Finally, it’s worth noting that if we can define a standardised way of describing template generated outputs from tabular datasets, libraries can be written for other programming tools or languages, such as R or Python. These libraries could read in a template definition file (such as the gists based on the OpenRefine export template definitions that are linked to above) and then as a direct consequence support “table2format” export data format conversions.

Which makes me wonder: is there perhaps already a standard for defining custom templated export formats from a tabular data set?

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Mapping Social Positioning on Twitter

- February 14, 2014 in Uncategorized

Many of us run at least one personal or work-related Twitter account, but how do you know where your account is positioned in a wider social context? In particular, how can you map where your Twitter account is positioned with respect to other Twitter users?

A recent blog post by Catherine Howe, Birmingham maptastic, describes a mapping exercise intended “to support a discovery layer for NHS Citizen”. Several observations jumped out at me from that writeup:

The vast majority [of particpants] (have not counted but around 20/24 from memory) chose to draw diagrams of their networks rather than simply report the data.

So people like the idea of network diagrams; as anyone who has constructed a mind-map will know, the form encourages you to make links between similar things, use space/layout to group and differentiate things, and build on what you’ve already got/fill in the gaps.

We’ll need to follow up with desk research to get twitter addresses and the other organizational information we were after.

Desk research? As long as you don’t want too much Twitter data, the easiest way of grabbing Twitter info is programmatically…

I am not sure that we can collect the relationship data that we wanted as few of the participants so far have been able to include this with any great confidence. I am not sure how much of a problem this is if we are just looking at mapping for the purposes of discover[y].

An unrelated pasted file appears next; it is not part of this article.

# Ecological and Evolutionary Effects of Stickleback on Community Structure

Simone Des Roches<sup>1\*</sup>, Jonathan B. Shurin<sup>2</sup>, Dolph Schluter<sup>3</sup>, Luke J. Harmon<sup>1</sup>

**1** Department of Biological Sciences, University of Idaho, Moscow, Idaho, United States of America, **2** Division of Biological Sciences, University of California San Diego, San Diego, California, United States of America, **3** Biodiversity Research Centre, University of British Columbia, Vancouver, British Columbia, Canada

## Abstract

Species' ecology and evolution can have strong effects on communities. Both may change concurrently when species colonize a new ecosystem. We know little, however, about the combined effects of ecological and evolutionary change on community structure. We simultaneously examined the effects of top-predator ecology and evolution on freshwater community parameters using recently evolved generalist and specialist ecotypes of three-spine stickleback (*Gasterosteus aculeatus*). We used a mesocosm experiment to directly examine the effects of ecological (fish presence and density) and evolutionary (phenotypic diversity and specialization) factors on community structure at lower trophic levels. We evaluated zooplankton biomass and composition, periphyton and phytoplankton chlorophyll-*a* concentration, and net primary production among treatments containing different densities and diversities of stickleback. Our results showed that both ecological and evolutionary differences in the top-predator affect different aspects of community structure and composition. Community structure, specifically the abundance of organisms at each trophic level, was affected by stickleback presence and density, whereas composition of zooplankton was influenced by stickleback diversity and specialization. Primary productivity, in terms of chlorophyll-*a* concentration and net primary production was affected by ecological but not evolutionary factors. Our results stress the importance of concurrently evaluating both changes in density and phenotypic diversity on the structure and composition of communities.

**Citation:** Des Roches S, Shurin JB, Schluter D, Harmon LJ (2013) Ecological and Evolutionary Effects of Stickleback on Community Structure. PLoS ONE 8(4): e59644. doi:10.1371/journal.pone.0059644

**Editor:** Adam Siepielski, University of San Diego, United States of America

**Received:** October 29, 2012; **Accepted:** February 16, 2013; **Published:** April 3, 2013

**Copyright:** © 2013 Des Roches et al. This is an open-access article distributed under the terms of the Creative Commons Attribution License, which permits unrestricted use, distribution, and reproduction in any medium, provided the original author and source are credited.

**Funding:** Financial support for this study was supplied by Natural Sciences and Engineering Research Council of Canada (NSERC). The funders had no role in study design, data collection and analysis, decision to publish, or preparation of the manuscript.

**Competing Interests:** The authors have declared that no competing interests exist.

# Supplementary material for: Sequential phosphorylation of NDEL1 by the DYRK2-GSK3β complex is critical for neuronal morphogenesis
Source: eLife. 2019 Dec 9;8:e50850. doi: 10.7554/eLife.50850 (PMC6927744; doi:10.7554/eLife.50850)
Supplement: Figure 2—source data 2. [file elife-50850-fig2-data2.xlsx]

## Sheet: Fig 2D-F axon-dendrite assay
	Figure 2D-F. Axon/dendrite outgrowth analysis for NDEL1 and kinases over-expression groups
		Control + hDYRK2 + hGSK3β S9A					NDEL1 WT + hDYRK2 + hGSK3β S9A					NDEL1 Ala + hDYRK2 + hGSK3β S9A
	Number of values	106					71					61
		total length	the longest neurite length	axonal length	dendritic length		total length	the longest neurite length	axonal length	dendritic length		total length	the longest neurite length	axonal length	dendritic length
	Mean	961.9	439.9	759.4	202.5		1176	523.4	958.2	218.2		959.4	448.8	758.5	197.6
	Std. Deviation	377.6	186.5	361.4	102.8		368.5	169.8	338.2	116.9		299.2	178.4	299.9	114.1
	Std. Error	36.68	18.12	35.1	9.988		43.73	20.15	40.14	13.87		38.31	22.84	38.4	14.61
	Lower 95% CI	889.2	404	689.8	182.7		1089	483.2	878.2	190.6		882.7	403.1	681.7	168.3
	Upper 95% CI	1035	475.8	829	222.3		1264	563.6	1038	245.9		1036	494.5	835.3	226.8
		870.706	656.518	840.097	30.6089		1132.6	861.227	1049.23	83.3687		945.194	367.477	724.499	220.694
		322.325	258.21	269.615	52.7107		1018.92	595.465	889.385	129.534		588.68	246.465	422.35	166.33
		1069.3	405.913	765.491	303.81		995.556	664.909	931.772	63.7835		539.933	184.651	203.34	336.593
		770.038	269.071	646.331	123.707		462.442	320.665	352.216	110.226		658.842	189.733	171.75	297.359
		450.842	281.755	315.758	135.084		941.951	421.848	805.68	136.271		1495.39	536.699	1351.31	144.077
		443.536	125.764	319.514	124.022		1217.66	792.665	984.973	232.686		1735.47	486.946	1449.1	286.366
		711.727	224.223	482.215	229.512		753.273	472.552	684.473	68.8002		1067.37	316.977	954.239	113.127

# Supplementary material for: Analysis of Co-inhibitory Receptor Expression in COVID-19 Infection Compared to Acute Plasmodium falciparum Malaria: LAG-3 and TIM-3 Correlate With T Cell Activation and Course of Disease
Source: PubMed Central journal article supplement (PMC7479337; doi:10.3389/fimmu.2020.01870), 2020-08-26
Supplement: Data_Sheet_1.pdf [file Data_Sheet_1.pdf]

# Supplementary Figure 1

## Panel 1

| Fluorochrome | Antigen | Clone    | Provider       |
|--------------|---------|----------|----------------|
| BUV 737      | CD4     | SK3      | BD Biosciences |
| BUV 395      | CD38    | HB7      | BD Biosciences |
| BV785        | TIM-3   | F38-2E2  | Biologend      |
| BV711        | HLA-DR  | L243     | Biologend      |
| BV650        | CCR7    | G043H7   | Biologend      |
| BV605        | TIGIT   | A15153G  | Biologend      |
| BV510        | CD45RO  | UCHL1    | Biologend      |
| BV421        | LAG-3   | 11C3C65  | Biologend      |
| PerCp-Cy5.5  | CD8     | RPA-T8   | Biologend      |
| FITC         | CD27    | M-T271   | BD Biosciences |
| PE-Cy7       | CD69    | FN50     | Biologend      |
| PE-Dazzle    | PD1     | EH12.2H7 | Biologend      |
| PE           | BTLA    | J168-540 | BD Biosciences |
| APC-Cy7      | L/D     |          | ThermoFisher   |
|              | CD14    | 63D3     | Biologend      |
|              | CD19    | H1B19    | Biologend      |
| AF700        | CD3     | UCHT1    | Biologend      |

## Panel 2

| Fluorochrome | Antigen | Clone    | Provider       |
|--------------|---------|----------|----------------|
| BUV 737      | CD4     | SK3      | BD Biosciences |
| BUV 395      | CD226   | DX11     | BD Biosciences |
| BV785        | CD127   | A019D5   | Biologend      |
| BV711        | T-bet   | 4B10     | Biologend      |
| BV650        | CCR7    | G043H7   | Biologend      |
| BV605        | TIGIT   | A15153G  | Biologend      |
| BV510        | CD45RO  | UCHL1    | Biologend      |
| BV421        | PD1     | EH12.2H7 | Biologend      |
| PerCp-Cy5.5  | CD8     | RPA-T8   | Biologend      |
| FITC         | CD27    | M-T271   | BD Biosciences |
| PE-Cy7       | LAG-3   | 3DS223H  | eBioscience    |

So what’s affecting confidence? Lack of clarity about what information to collect, how to collect it, how to state with confidence what relationships exist, or maybe what categories accounts fall into?

We need to work out how to include individuals who have many ‘hats’. So many of the people we have spoken to have multiple roles within what will be the NHS Citizen system; Carers and service users are also often highly networked within the system and I think this needs to be captured in the mapping exercise more explicitly. I am thinking of doing this by asking these people to draw multiple maps for each of their contexts but I am not sure that this reflects how people see themselves – they are just ‘me’. This is an important aspect to understanding the flow within the discover space in the future – how much information/connection is passed institutionally and how much is as a result of informal or at least personal channels. This is perhaps something to consider with respect to how we think about identity management and the distinction between people acting institutionally and people acting as individuals.

People may wear different hats, but are these tied to one identity or many identities? If it’s a single identity, we may be able to identify different hats by virtue of different networks that exist between the members of the target individual’s own network. For example, many of the data folk I know know each other, and my family members all know each other. But there are few connections, other than me, joining those networks. If there are multiple identities, it may make sense to generate separate maps, and then maybe at a later stage look for overlaps.